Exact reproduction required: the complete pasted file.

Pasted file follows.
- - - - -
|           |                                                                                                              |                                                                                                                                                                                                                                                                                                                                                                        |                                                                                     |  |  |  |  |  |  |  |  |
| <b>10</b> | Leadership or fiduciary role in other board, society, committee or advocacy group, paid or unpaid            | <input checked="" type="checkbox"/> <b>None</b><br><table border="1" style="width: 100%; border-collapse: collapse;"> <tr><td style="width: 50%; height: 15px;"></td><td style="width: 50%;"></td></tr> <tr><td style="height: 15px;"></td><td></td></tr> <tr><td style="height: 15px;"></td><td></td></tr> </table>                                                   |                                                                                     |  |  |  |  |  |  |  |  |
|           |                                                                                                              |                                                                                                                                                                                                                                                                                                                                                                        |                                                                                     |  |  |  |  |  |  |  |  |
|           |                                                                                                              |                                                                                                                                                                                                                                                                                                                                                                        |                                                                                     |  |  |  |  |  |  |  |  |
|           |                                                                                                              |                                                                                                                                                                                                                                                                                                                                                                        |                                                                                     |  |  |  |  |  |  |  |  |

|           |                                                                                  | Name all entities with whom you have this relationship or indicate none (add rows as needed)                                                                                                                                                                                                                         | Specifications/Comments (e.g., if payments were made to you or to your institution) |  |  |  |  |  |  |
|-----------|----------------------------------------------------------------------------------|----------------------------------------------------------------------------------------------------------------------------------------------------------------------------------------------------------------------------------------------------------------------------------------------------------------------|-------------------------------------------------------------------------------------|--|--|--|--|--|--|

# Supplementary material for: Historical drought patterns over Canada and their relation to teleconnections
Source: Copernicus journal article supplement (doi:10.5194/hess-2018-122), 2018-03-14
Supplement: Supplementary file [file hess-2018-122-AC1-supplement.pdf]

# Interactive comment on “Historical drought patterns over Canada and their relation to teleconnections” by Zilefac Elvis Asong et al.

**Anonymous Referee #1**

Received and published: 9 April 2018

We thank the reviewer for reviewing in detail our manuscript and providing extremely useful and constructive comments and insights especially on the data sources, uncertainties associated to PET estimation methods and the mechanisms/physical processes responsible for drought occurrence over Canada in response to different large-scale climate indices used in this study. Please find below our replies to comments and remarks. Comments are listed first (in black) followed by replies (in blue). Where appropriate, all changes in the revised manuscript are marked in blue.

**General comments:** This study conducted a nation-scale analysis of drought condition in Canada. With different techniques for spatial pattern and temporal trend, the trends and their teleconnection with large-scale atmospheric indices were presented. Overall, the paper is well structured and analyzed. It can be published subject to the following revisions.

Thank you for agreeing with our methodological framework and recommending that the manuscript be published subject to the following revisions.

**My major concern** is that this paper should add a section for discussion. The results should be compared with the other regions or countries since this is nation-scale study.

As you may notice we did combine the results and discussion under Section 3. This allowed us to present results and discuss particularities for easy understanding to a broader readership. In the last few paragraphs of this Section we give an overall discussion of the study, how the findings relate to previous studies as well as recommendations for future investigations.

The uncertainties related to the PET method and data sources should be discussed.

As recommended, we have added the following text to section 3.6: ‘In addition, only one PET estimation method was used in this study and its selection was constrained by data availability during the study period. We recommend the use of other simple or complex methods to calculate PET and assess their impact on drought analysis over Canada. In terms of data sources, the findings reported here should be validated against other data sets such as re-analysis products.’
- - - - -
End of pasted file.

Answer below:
|           |                                                                                                              |                                                                                                                                                                                                                                                                                                                                                                        |                                                                                     |  |  |  |  |  |  |  |  |
| <b>10</b> | Leadership or fiduciary role in other board, society, committee or advocacy group, paid or unpaid            | <input checked="" type="checkbox"/> <b>None</b><br><table border="1" style="width: 100%; border-collapse: collapse;"> <tr><td style="width: 50%; height: 15px;"></td><td style="width: 50%;"></td></tr> <tr><td style="height: 15px;"></td><td></td></tr> <tr><td style="height: 15px;"></td><td></td></tr> </table>                                                   |                                                                                     |  |  |  |  |  |  |  |  |
|           |                                                                                                              |                                                                                                                                                                                                                                                                                                                                                                        |                                                                                     |  |  |  |  |  |  |  |  |
|           |                                                                                                              |                                                                                                                                                                                                                                                                                                                                                                        |                                                                                     |  |  |  |  |  |  |  |  |
|           |                                                                                                              |                                                                                                                                                                                                                                                                                                                                                                        |                                                                                     |  |  |  |  |  |  |  |  |

|           |                                                                                  | Name all entities with whom you have this relationship or indicate none (add rows as needed)                                                                                                                                                                                                                         | Specifications/Comments (e.g., if payments were made to you or to your institution) |  |  |  |  |  |  |
|-----------|----------------------------------------------------------------------------------|----------------------------------------------------------------------------------------------------------------------------------------------------------------------------------------------------------------------------------------------------------------------------------------------------------------------|-------------------------------------------------------------------------------------|--|--|--|--|--|--|

# Supplementary material for: Historical drought patterns over Canada and their relation to teleconnections
Source: Copernicus journal article supplement (doi:10.5194/hess-2018-122), 2018-03-14
Supplement: Supplementary file [file hess-2018-122-AC1-supplement.pdf]

# Interactive comment on “Historical drought patterns over Canada and their relation to teleconnections” by Zilefac Elvis Asong et al.

**Anonymous Referee #1**

Received and published: 9 April 2018

We thank the reviewer for reviewing in detail our manuscript and providing extremely useful and constructive comments and insights especially on the data sources, uncertainties associated to PET estimation methods and the mechanisms/physical processes responsible for drought occurrence over Canada in response to different large-scale climate indices used in this study. Please find below our replies to comments and remarks. Comments are listed first (in black) followed by replies (in blue). Where appropriate, all changes in the revised manuscript are marked in blue.

**General comments:** This study conducted a nation-scale analysis of drought condition in Canada. With different techniques for spatial pattern and temporal trend, the trends and their teleconnection with large-scale atmospheric indices were presented. Overall, the paper is well structured and analyzed. It can be published subject to the following revisions.

Thank you for agreeing with our methodological framework and recommending that the manuscript be published subject to the following revisions.

**My major concern** is that this paper should add a section for discussion. The results should be compared with the other regions or countries since this is nation-scale study.

As you may notice we did combine the results and discussion under Section 3. This allowed us to present results and discuss particularities for easy understanding to a broader readership. In the last few paragraphs of this Section we give an overall discussion of the study, how the findings relate to previous studies as well as recommendations for future investigations.

The uncertainties related to the PET method and data sources should be discussed.

As recommended, we have added the following text to section 3.6: ‘In addition, only one PET estimation method was used in this study and its selection was constrained by data availability during the study period. We recommend the use of other simple or complex methods to calculate PET and assess their impact on drought analysis over Canada. In terms of data sources, the findings reported here should be validated against other data sets such as re-analysis products.’